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Indonesia: Report Civil Servants who Post ‘Radical’ Content on Social Media

Rina Chadijah
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Indonesian Muslims take part in an anti-government rally in Jakarta, July 18, 2017.
Indonesian Muslims take part in an anti-government rally in Jakarta, July 18, 2017.

Indonesia launched a website that allows the public to report civil servants who post online content deemed as radical and a threat to the country’s unity, officials said Tuesday, amid a government crackdown on Islamic militancy.

The website,, is aimed at ensuring that government workers are loyal to the state ideology of Pancasila and are not influenced by radical ideologies, said Johnny G. Plate, the minister of communications and information technology.

“[Civil servants] need to remember that our ideology and constitution are final,” Plate told a news conference at the launch of the website in Jakarta, adding that those government workers who are reported to the site could be given warnings, demoted or dismissed.

A recent Defense Ministry study suggested that 18 percent of about 4 million civil servants were opposed to Pancasila, which espouses the belief in one God, humanity, unity, democracy and social justice.

Offending content that can be reported to the new site include posts expressing hatred against the government and the state ideology, as well as hate speech targeting ethnic, racial and religious groups, according to the Frequently Asked Questions section of the website.

The site is supported by 10 government institutions, including the State Intelligence Agency and the National Counterterrorism Agency (BNPT).

“Reports must be supported by valid data and accurate information, not hoaxes, because the aim is to develop a strong sense of nationalism among civil servants,” Plate said.

To “like” and share an offending social media post indicate an endorsement, ministry spokesman Ferdinandus Setu told reporters.

“When a person likes a post that promotes an ideology other than Pancasila, it means that they share the same views,” he said.

“Freedom of speech is a necessity in a democracy, but civil servants must be loyal to the state. If they want to criticize the government, they must do so in official government forums,” Ferdinandus said.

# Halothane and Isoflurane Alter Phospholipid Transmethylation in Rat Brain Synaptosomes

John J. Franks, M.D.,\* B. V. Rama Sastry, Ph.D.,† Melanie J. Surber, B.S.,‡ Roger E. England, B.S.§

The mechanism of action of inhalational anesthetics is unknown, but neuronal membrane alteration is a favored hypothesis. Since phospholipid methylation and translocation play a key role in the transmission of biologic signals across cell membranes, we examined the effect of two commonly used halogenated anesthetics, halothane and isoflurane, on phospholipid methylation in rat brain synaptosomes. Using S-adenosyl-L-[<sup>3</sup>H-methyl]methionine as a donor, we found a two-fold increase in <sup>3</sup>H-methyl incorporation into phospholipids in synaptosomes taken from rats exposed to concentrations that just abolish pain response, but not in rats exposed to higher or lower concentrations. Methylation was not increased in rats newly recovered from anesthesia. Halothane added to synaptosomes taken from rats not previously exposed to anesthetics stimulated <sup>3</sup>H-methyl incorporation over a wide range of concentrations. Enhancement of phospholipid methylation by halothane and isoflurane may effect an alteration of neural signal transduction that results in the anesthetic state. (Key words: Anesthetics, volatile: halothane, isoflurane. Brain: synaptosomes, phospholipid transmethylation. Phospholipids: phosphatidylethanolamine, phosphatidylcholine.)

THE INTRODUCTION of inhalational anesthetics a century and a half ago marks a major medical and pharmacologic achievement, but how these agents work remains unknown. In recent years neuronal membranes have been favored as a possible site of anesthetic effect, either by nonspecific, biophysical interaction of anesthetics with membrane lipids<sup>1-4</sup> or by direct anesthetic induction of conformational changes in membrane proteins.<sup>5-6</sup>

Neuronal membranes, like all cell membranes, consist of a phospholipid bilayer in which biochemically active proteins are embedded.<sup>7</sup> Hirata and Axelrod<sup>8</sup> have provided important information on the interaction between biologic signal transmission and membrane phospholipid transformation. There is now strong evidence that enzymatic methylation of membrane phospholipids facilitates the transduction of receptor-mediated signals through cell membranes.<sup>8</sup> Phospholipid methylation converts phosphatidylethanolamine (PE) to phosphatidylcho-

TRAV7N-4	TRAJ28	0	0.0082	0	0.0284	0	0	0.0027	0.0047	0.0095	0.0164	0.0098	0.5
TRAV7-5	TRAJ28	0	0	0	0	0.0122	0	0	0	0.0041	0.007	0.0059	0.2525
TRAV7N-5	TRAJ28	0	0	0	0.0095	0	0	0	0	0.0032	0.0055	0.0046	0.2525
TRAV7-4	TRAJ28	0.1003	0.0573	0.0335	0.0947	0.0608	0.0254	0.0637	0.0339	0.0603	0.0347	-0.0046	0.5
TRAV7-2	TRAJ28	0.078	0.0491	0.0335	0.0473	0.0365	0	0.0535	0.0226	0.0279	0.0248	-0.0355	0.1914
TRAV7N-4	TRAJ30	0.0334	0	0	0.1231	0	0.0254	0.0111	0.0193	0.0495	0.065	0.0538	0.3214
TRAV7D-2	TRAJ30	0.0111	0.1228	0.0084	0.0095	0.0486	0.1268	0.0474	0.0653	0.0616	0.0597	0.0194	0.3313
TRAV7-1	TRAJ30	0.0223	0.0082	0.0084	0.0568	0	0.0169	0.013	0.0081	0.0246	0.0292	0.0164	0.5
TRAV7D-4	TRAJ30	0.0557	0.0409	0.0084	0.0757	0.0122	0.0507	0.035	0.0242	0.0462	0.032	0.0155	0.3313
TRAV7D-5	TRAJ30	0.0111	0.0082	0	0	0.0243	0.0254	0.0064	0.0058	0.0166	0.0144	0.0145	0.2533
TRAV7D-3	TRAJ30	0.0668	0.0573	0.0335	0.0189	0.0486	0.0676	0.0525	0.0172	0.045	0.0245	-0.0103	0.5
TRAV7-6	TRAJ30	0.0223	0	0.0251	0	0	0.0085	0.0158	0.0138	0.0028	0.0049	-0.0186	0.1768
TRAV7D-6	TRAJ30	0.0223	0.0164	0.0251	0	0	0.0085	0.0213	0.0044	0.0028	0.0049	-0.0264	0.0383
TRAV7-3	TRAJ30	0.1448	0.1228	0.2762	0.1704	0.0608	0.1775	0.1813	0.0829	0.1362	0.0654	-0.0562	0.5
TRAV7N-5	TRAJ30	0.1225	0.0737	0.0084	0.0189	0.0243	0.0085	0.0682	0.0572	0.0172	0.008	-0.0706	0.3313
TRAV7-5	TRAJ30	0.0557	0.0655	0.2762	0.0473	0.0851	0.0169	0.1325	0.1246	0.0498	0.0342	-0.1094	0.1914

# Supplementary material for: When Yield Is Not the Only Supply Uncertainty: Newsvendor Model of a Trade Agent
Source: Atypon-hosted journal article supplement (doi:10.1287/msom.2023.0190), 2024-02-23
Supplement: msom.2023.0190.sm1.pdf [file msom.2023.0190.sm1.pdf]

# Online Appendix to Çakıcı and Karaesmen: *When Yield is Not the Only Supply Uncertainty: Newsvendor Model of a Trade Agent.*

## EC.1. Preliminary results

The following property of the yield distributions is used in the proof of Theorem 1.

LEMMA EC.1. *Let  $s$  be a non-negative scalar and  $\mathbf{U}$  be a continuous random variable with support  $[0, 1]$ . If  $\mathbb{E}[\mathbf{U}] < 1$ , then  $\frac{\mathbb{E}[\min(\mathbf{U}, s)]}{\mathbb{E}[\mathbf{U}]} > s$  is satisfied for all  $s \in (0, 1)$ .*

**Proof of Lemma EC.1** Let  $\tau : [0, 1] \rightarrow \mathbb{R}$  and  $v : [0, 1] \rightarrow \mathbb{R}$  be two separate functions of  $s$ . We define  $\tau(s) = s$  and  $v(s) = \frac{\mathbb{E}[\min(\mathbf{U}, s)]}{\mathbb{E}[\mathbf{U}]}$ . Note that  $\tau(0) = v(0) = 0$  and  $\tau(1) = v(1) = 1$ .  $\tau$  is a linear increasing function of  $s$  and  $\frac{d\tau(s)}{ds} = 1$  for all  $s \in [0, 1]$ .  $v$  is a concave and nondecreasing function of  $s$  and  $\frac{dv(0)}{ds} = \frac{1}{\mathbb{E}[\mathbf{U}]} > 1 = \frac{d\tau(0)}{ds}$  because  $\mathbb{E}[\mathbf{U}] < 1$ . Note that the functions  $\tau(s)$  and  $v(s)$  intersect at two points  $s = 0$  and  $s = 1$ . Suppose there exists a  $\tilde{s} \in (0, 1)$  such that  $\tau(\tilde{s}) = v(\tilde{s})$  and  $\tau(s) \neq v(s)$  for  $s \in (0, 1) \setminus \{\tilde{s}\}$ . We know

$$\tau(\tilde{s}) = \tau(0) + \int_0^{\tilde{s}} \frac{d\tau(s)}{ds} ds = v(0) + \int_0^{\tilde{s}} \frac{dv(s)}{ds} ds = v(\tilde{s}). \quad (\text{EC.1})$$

The identity of those who submit reports would be kept confidential and any information would be subjected to verification, he said.

Indonesia, the world’s largest Muslim-majority country, has been hit by a string of terrorist attacks in the past two decades.

More recent attacks include suicide bombings in Surabaya in May 2018, when two families blew themselves up at three churches and a police station. Those attacks killed 24 people, including children as young as 9 who joined their parents in the attacks.

Lawmaker: Reporting could lead to libel

A legislator from the Prosperous Justice Party (PKS), Nasir Djamil, criticized the launching of the website, saying it was unnecessary and could cause problems.

“It is rather misguided to create a website and invite the public to report, because making such reports requires knowledge,” Nasir told BenarNews, adding that the method could give rise to libel.

He said government institutions should instead strengthen internal supervision.

“Better internal control is needed,” he said. “Each institution should encourage internal supervision to monitor the behavior of civil servants.”

Tjahjo Kumolo, the minister for bureaucratic reform, said civil service recruitment tests would include questions to weed out applicants with radical ideologies.

“There will be questions about the national outlook, Pancasila and the general threat of radicalism,” Tjahjo told reporters.

Meanwhile, the Religious Affairs Ministry said it was in the process of replacing more than 150 Islamic textbooks in schools with ones that promote moderation and diversity.

“We are rewriting religious books for schools throughout Indonesia. God willing, this will be completed this year,” the ministry’s director general of Islamic education, Kamaruddin Amin, told reporters.

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